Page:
Donald Trump’s victory has come as a shock to Democratic supporters, who have rushed to work out why their presidential hopeful Hillary Clinton couldn’t cut it.
Many are keen to suggest that it is because their party “chose the wrong candidate”, and should have nominated the man she beat instead: Bernie Sanders.
The Berniacs are quite keen to push this theory. They even have their preferred polls to back it up, which is brave given how badly they mucked up the actual election.
The same polling that suggested Mr Sanders was ahead “99 per cent” of the time against the Republican billionaire was also gave Mrs Clinton a “98.1 per cent chance” of beating him to the White House. But that won’t stop the Sandernistas.
The Democratic party’s process of selecting its presidential candidate showed the limits of Mr Sanders’ appeal. Despite the crowds of idealists he attracted to his rallies, Mrs Clinton won many more voters over with experience and centrist message.
The hundreds of extra delegates she picked up for the nomination gave her a clear mandate, which Mr Sanders even recognised by backing her at their convention. But that hasn’t shaken his supporters resolve, who make out that the Democrats conspired to keep him out so they could ride on to defeat with Mrs Clinton.
As entertaining as it might be to consider what would have happened if Bernie Sanders had stormed in to scoop the Democratic nomination, Britain has already conducted its own practical experiment to save you the bother. We have something better to show for it than polling, which seems to be now as reliable a way of telling what will happen in politics as reading tea leaves or inspecting entrails. We actually elected our own grumpy veteran socialist to lead left-wing party, and voters will get to decide if he’s fit to lead the country in a few years. Meet Jeremy Corbyn.
The Labour leader is the British embodiment of the Sandernista revolution. He loves to address his followers at packed-out rallies. He can’t resist a chance to rail against the establishment, capitalism and the banks. He is at ease on the picket line with his fellow workers, or on a march. He hasn’t been afraid to do the protesting himself, even if it means being arrested. He too has served in public office for over 30 years, although sets himself up as a contrast to career politicians. His only major difference seems to be in age, being 8 years younger than the 75-year old senator.
Mr Corbyn has taken the cause of socialism nearer power than Mr Sanders managed. As leader of Britain’s second-largest party, he can present himself to voters as the nation’s alternative Prime Minister. But he has been struggling to do this, as voters have drifted away to the ruling Conservatives, and his party’s working-class supporters are in danger of peeling away to rival parties. His followers insist that the electorate is crying out for his maverick left-wing strand of politics, although his core supporters privately despair about his lack of electability.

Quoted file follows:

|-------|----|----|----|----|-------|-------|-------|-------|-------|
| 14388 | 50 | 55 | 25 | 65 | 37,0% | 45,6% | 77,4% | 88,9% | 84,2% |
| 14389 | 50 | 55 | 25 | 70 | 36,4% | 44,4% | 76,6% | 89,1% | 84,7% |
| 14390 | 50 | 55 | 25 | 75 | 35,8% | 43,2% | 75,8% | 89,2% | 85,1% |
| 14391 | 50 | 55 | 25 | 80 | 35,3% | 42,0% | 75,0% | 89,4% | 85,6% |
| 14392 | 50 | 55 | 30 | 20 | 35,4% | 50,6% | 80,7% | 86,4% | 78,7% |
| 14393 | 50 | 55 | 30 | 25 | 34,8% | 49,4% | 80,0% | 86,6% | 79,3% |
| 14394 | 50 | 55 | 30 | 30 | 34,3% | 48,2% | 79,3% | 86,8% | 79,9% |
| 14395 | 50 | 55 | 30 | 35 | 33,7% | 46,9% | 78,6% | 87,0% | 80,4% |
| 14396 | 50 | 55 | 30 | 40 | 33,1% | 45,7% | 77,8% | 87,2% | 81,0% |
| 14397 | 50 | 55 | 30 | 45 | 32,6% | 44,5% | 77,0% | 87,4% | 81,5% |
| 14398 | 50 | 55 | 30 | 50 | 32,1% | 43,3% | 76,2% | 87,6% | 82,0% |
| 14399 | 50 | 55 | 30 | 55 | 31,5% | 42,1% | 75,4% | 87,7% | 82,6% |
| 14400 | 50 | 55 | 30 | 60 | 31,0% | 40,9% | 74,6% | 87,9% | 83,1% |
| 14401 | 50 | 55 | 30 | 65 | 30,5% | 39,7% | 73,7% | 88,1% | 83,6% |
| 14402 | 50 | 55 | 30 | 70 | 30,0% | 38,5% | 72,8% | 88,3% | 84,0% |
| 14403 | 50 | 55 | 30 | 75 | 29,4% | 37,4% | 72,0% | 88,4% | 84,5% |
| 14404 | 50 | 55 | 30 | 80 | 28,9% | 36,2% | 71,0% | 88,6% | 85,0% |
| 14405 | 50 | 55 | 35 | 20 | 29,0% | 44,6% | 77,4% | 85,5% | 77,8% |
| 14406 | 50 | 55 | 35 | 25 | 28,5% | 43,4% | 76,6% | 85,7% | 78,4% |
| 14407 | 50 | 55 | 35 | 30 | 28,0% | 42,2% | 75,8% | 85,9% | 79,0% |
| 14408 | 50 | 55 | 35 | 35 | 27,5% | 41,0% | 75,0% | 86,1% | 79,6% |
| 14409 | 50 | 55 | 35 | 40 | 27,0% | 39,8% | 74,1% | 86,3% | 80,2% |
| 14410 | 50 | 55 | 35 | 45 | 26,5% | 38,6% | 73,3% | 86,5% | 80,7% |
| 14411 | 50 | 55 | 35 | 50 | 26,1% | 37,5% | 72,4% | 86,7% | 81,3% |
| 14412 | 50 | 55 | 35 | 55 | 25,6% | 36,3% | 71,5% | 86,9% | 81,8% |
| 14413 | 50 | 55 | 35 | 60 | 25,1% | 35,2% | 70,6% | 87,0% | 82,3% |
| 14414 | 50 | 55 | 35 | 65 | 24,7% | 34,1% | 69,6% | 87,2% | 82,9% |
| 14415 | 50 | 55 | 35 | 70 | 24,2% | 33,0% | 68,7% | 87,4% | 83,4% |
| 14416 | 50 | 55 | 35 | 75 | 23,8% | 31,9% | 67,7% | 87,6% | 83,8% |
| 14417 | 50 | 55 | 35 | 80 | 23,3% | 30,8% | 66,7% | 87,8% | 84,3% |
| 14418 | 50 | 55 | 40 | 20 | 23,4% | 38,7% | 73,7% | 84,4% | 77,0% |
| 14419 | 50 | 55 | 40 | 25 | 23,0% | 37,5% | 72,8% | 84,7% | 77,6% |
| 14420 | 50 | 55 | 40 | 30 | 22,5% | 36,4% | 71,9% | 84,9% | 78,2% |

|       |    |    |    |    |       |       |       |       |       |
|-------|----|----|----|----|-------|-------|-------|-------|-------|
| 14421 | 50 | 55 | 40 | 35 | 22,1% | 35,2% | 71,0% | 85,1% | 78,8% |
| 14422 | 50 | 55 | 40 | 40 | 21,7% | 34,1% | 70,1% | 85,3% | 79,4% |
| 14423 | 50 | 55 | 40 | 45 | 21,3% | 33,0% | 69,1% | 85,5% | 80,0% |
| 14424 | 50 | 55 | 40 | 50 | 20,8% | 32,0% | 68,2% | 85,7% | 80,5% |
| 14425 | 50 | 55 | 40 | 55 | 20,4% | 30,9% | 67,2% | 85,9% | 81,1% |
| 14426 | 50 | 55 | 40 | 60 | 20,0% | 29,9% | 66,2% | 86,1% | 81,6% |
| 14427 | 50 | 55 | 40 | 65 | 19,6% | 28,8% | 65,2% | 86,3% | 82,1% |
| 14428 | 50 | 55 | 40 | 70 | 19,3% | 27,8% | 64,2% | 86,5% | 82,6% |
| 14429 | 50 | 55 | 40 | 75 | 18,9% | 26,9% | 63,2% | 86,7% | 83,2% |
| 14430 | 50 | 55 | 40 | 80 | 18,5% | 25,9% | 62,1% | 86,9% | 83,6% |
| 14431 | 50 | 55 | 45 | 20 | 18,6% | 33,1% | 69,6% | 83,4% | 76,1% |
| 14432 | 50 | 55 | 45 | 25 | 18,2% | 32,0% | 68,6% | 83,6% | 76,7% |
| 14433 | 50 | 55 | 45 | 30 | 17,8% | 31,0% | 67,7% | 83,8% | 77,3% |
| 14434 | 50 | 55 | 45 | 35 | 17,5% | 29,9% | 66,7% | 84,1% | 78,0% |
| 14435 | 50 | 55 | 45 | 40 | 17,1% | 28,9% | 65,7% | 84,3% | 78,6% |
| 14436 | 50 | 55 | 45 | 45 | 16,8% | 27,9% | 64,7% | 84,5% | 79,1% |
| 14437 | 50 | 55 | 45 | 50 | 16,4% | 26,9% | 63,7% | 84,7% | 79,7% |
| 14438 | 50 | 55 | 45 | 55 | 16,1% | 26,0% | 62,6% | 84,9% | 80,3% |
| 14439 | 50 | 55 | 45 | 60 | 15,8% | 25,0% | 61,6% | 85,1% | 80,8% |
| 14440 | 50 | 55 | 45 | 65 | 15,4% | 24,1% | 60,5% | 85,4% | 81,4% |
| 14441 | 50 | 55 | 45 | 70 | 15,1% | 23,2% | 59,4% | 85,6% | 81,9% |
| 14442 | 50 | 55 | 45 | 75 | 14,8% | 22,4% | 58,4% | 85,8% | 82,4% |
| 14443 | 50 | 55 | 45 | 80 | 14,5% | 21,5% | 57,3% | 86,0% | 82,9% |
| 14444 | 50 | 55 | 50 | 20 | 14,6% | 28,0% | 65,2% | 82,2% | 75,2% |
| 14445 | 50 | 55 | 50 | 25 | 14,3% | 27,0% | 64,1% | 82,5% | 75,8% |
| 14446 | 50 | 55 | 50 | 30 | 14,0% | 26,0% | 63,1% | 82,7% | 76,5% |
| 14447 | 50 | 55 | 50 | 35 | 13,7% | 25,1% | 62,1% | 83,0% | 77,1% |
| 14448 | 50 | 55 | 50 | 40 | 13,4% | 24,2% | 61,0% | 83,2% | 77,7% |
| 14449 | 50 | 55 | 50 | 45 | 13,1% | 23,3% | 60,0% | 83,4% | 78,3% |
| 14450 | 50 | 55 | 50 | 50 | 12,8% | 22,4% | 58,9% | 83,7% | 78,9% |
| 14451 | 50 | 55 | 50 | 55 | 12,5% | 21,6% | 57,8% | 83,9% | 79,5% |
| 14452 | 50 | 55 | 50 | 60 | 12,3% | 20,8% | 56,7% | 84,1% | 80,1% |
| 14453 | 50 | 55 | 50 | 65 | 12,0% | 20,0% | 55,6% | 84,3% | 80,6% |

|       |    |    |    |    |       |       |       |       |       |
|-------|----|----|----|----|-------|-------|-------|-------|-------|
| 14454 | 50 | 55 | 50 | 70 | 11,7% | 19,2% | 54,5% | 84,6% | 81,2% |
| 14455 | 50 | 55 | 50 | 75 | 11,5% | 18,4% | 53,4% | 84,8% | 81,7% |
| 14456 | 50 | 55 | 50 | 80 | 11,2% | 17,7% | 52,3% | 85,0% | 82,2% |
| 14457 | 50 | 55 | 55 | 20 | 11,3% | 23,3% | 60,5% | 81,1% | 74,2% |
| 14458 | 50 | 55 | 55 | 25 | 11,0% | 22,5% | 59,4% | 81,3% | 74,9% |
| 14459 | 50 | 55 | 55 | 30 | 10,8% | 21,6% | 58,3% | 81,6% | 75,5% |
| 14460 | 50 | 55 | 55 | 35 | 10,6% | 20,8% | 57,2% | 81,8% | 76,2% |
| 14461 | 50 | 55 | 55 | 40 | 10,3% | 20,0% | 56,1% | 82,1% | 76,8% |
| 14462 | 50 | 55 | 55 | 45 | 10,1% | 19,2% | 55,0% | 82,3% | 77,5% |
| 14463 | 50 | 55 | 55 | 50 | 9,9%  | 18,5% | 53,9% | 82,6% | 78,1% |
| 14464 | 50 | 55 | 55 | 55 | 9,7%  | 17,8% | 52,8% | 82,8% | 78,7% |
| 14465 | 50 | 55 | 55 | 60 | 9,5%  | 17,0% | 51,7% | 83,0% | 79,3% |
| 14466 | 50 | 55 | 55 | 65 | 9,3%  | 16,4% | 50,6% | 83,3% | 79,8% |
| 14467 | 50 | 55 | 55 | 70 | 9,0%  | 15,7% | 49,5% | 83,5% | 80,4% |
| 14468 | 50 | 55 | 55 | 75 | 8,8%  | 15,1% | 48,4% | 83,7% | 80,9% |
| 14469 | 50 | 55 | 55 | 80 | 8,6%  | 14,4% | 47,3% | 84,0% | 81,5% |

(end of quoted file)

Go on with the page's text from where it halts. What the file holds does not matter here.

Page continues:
Bernie Sanders must be relieved on seeing comrade Corbyn’s woes to have missed his party’s nomination, as it meant he did not have to persuade America that he should be its next President.
How would the contest have changed if the Democrats had felt “the Bern” and picked the Vermont senator to lead into battle against the Republicans? It would certainly have been more colourful, but would not have ended any better for them. The Berniacs would have loved such a clash, pitching the arch-bank basher against the personification of wealth, Donald Trump. But the Republican billionaire would have seen him off effortlessly. He monstered “Crooked Hillary” throughout the campaign, and was ready to do the same to “Crazy Bernie Sanders“.
That label gives a sense of how he would have have taken apart Mr Sanders’ campaign, dismissing him as a radical socialist who couldn’t be trusted with power. By contrast, he could remind voters that he was already President — of a multi-billion dollar business empire. The contrast would have been one of leadership, as Mrs Clinton used to see him off and seize the nomination.
Hillary Clinton’s failure to defeat Mr Trump will fuel the theory among Mr Sanders’ supporters that he was the President America could have had if the Democratic party hadn’t stood in the way.
But if they look across the Atlantic to how the “British Bernie” is doing, they would find that the struggle just gets harder once a socialist has to make their pitch to the nation.